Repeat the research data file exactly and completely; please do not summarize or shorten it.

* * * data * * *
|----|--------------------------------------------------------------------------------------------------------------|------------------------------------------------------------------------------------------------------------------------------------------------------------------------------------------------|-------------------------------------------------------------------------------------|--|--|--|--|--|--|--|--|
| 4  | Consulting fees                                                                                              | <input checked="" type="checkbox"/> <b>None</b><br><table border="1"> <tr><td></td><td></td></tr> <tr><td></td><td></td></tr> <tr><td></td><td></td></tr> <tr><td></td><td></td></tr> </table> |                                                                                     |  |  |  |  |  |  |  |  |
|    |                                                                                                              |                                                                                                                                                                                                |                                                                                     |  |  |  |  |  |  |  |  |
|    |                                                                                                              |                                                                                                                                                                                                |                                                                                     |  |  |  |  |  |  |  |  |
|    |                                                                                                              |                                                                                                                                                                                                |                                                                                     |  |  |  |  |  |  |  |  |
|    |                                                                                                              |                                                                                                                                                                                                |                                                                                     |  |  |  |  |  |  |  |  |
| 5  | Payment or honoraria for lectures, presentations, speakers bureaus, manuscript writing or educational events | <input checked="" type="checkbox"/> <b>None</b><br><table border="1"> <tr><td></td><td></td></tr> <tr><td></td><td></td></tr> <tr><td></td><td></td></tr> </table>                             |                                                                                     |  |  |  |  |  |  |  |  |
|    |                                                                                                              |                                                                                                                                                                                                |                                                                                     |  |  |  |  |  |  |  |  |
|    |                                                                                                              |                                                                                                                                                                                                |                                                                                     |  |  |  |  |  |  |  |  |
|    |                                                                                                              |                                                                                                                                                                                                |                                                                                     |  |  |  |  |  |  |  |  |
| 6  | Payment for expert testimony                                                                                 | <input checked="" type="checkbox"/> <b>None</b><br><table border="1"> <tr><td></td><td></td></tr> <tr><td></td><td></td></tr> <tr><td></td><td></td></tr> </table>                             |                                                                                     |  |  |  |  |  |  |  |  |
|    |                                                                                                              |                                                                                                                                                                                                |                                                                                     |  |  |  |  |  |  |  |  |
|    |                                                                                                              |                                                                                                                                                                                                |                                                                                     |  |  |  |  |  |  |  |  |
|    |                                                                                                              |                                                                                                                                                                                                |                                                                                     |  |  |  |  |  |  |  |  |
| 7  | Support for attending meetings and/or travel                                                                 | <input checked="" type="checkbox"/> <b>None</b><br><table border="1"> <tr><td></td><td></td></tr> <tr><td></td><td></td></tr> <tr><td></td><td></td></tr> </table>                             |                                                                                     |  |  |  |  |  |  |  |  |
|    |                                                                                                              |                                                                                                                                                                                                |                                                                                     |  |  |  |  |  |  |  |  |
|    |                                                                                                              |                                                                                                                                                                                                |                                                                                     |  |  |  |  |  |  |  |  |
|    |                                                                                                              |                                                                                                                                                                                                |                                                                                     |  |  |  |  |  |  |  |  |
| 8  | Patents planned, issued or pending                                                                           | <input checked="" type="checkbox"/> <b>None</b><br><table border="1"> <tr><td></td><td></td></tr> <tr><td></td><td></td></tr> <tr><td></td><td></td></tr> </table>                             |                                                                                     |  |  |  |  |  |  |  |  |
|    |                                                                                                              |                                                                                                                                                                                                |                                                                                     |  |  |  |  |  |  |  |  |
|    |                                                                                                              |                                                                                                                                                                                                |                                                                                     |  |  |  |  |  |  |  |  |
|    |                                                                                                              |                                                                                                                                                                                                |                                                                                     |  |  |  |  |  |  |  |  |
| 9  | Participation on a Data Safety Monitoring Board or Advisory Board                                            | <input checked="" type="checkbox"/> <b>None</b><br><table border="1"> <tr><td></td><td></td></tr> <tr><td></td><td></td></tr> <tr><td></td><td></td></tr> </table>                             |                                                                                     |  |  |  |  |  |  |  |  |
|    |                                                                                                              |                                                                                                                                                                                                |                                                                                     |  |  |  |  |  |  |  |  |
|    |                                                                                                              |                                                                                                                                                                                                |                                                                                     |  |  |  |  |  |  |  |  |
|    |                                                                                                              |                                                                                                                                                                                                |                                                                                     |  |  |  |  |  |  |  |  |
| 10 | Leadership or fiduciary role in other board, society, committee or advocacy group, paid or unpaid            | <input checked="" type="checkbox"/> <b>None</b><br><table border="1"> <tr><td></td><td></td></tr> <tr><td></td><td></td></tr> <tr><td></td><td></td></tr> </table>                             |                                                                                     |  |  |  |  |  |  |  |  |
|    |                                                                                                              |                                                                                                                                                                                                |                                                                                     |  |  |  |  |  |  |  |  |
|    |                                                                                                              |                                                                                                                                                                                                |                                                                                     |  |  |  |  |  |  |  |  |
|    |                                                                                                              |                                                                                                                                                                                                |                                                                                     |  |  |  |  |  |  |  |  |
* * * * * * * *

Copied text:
|----|--------------------------------------------------------------------------------------------------------------|------------------------------------------------------------------------------------------------------------------------------------------------------------------------------------------------|-------------------------------------------------------------------------------------|--|--|--|--|--|--|--|--|
| 4  | Consulting fees                                                                                              | <input checked="" type="checkbox"/> <b>None</b><br><table border="1"> <tr><td></td><td></td></tr> <tr><td></td><td></td></tr> <tr><td></td><td></td></tr> <tr><td></td><td></td></tr> </table> |                                                                                     |  |  |  |  |  |  |  |  |
|    |                                                                                                              |                                                                                                                                                                                                |                                                                                     |  |  |  |  |  |  |  |  |
|    |                                                                                                              |                                                                                                                                                                                                |                                                                                     |  |  |  |  |  |  |  |  |
|    |                                                                                                              |                                                                                                                                                                                                |                                                                                     |  |  |  |  |  |  |  |  |
|    |                                                                                                              |                                                                                                                                                                                                |                                                                                     |  |  |  |  |  |  |  |  |
| 5  | Payment or honoraria for lectures, presentations, speakers bureaus, manuscript writing or educational events | <input checked="" type="checkbox"/> <b>None</b><br><table border="1"> <tr><td></td><td></td></tr> <tr><td></td><td></td></tr> <tr><td></td><td></td></tr> </table>                             |                                                                                     |  |  |  |  |  |  |  |  |
|    |                                                                                                              |                                                                                                                                                                                                |                                                                                     |  |  |  |  |  |  |  |  |
|    |                                                                                                              |                                                                                                                                                                                                |                                                                                     |  |  |  |  |  |  |  |  |
|    |                                                                                                              |                                                                                                                                                                                                |                                                                                     |  |  |  |  |  |  |  |  |
| 6  | Payment for expert testimony                                                                                 | <input checked="" type="checkbox"/> <b>None</b><br><table border="1"> <tr><td></td><td></td></tr> <tr><td></td><td></td></tr> <tr><td></td><td></td></tr> </table>                             |                                                                                     |  |  |  |  |  |  |  |  |
|    |                                                                                                              |                                                                                                                                                                                                |                                                                                     |  |  |  |  |  |  |  |  |
|    |                                                                                                              |                                                                                                                                                                                                |                                                                                     |  |  |  |  |  |  |  |  |
|    |                                                                                                              |                                                                                                                                                                                                |                                                                                     |  |  |  |  |  |  |  |  |
| 7  | Support for attending meetings and/or travel                                                                 | <input checked="" type="checkbox"/> <b>None</b><br><table border="1"> <tr><td></td><td></td></tr> <tr><td></td><td></td></tr> <tr><td></td><td></td></tr> </table>                             |                                                                                     |  |  |  |  |  |  |  |  |
|    |                                                                                                              |                                                                                                                                                                                                |                                                                                     |  |  |  |  |  |  |  |  |
|    |                                                                                                              |                                                                                                                                                                                                |                                                                                     |  |  |  |  |  |  |  |  |
|    |                                                                                                              |                                                                                                                                                                                                |                                                                                     |  |  |  |  |  |  |  |  |
| 8  | Patents planned, issued or pending                                                                           | <input checked="" type="checkbox"/> <b>None</b><br><table border="1"> <tr><td></td><td></td></tr> <tr><td></td><td></td></tr> <tr><td></td><td></td></tr> </table>                             |                                                                                     |  |  |  |  |  |  |  |  |
|    |                                                                                                              |                                                                                                                                                                                                |                                                                                     |  |  |  |  |  |  |  |  |
|    |                                                                                                              |                                                                                                                                                                                                |                                                                                     |  |  |  |  |  |  |  |  |
|    |                                                                                                              |                                                                                                                                                                                                |                                                                                     |  |  |  |  |  |  |  |  |
| 9  | Participation on a Data Safety Monitoring Board or Advisory Board                                            | <input checked="" type="checkbox"/> <b>None</b><br><table border="1"> <tr><td></td><td></td></tr> <tr><td></td><td></td></tr> <tr><td></td><td></td></tr> </table>                             |                                                                                     |  |  |  |  |  |  |  |  |
|    |                                                                                                              |                                                                                                                                                                                                |                                                                                     |  |  |  |  |  |  |  |  |
|    |                                                                                                              |                                                                                                                                                                                                |                                                                                     |  |  |  |  |  |  |  |  |
|    |                                                                                                              |                                                                                                                                                                                                |                                                                                     |  |  |  |  |  |  |  |  |
| 10 | Leadership or fiduciary role in other board, society, committee or advocacy group, paid or unpaid            | <input checked="" type="checkbox"/> <b>None</b><br><table border="1"> <tr><td></td><td></td></tr> <tr><td></td><td></td></tr> <tr><td></td><td></td></tr> </table>                             |                                                                                     |  |  |  |  |  |  |  |  |
|    |                                                                                                              |                                                                                                                                                                                                |                                                                                     |  |  |  |  |  |  |  |  |
|    |                                                                                                              |                                                                                                                                                                                                |                                                                                     |  |  |  |  |  |  |  |  |
|    |                                                                                                              |                                                                                                                                                                                                |                                                                                     |  |  |  |  |  |  |  |  |